Hitting strength training plateaus is never fun. This blog features four strength training protocols that can help you push past plateaus and increase strength gains.
1: PUSH/PULL: Using this technique you work opposing muscle groups back to back, or on back to back training days. For example, a chest exercise is followed by a back exercise, or a bicep exercise is followed by a triceps exercise. Or, one day may be chest and bicep exercises and the next day would be back and triceps. Some major benefits (aside from building strength) is that it helps achieve balance among the muscles, and can help prevent over training injuries.
2: PYRAMID TRAINING: Start with a light to medium weight and do a large number of reps (15-20). Then move to a medium weight and do slightly less reps (12-15). Finally, go to as heavy a weight as you can lift 6-10 reps. Take a small break between each set (about 30 seconds). A major benefit of training in this manner is the first set serves as a warm up set and gets the muscles ready to work hard. Another benefit is that exercises need not be complex to use this lifting technique. An exercise as simple as a bench press fits well into the protocol. This may also be reversed where you lift heavy for a small number of reps and progress to lighter weights with more reps. However, if you chose to reverse pyramid make sure the muscles are warmed up to prevent injury.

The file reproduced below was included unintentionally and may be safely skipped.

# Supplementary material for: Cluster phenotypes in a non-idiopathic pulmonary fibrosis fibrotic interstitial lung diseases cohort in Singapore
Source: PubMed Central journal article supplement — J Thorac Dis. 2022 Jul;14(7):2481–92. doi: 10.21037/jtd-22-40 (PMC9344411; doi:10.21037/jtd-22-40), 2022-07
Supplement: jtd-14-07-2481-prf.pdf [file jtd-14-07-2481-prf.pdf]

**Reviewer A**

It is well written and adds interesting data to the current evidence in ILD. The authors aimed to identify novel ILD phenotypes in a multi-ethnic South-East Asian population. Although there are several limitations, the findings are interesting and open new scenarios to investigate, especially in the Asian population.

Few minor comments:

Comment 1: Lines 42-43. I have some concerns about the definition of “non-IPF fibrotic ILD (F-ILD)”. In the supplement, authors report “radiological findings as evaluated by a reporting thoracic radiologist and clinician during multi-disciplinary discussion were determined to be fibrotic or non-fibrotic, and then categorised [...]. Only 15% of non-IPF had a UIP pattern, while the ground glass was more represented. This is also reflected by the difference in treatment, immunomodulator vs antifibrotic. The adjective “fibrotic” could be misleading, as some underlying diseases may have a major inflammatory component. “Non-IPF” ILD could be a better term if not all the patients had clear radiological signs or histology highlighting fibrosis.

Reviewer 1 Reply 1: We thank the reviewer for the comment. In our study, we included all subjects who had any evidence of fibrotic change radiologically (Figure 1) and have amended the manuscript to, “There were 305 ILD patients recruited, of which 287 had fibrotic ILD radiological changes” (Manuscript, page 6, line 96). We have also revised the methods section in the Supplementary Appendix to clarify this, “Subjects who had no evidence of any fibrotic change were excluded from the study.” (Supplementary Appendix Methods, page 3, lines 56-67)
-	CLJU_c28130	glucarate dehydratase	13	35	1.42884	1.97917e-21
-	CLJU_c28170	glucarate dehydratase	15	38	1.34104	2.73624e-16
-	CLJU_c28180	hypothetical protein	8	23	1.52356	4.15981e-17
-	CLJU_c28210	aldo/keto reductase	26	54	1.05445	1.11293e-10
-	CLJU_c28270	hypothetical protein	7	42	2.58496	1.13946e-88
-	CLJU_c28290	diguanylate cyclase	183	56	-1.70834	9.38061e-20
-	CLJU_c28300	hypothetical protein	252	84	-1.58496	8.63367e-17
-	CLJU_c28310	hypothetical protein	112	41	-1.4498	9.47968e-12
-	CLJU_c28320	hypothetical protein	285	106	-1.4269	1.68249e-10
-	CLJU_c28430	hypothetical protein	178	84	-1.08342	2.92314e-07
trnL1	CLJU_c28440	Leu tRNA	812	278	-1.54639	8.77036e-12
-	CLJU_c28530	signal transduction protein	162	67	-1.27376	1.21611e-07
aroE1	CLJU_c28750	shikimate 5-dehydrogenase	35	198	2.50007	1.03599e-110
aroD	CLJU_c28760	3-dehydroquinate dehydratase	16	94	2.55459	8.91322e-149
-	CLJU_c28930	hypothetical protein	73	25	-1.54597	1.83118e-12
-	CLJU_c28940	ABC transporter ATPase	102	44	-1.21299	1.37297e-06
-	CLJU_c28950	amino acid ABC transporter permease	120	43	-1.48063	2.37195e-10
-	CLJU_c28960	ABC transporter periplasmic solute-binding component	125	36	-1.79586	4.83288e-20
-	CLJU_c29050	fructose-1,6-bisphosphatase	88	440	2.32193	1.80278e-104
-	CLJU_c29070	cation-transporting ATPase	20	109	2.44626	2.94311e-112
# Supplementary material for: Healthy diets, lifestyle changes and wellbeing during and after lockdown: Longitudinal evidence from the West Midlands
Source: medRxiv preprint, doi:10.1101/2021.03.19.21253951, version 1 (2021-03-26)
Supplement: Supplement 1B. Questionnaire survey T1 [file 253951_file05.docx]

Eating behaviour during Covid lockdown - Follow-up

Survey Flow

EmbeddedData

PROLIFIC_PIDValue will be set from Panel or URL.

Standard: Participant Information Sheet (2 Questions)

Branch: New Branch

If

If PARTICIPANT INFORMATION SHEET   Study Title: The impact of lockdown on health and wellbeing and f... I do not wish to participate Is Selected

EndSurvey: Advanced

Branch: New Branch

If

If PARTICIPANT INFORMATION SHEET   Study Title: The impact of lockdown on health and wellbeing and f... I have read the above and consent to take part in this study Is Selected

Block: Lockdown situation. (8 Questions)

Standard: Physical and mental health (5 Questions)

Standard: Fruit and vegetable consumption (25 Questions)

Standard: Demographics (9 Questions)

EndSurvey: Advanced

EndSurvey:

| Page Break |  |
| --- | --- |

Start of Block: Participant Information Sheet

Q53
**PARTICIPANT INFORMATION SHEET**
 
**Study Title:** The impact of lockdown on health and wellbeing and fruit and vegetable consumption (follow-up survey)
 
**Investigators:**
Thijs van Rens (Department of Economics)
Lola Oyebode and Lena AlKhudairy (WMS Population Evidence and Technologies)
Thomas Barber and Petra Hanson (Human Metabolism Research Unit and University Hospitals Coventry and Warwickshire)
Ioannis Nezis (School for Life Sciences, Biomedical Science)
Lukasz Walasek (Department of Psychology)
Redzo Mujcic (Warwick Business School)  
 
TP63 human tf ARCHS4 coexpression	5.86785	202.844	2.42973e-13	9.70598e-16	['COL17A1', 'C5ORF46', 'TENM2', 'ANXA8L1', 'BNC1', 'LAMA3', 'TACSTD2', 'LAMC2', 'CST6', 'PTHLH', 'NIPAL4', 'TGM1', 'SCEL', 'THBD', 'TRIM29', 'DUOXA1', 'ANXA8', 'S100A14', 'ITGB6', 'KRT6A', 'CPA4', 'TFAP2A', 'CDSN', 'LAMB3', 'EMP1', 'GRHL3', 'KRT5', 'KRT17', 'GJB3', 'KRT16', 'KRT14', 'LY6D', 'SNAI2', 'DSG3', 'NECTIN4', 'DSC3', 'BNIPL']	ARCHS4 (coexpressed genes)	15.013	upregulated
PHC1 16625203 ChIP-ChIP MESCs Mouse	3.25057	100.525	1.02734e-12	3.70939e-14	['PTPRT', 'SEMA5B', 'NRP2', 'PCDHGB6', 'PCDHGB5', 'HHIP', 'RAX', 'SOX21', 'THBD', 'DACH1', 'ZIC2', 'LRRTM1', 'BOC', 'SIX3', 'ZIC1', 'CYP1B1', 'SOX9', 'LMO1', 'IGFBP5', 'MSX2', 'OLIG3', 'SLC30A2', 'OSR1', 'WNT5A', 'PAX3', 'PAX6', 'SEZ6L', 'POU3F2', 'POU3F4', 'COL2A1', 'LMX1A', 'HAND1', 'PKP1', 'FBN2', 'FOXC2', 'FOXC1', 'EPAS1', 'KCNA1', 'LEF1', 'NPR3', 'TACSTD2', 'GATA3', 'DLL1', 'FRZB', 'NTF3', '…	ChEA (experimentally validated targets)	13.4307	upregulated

3: Regressive 6: This protocol uses 6 consecutive sets using the same resistance for each set. The first set has 6 reps, then 5 reps, 4 reps, 3, 2, and 1 rep. The protocol calls for a 12 second break in between each set. However, I found this to be too much rest and shortened the rest time as the reps decreased. I had clients rest 12 seconds after the first set, then 10 seconds, 8, 6, and 4 seconds. I found this to be more effective.
5 Position Static Hold: Using this technique it is advised to pick a resistance that is slightly lighter than you would normally lift. You hold the weight for 20 seconds in five range of motion positions including ¼, ½, ¾, ½, and ¼. In a typical bicep curl you would lift ¼ of the way up and hold that for 20 seconds, then go up ½ way and hold. Repeat until you get ¾ of the way up then go back down to ½ way and ¼ of the way. There is no break between the holds. This technique allows for muscle fatigue to occur. I like to add 1 set of 10 full range of motion lifts to complete the set.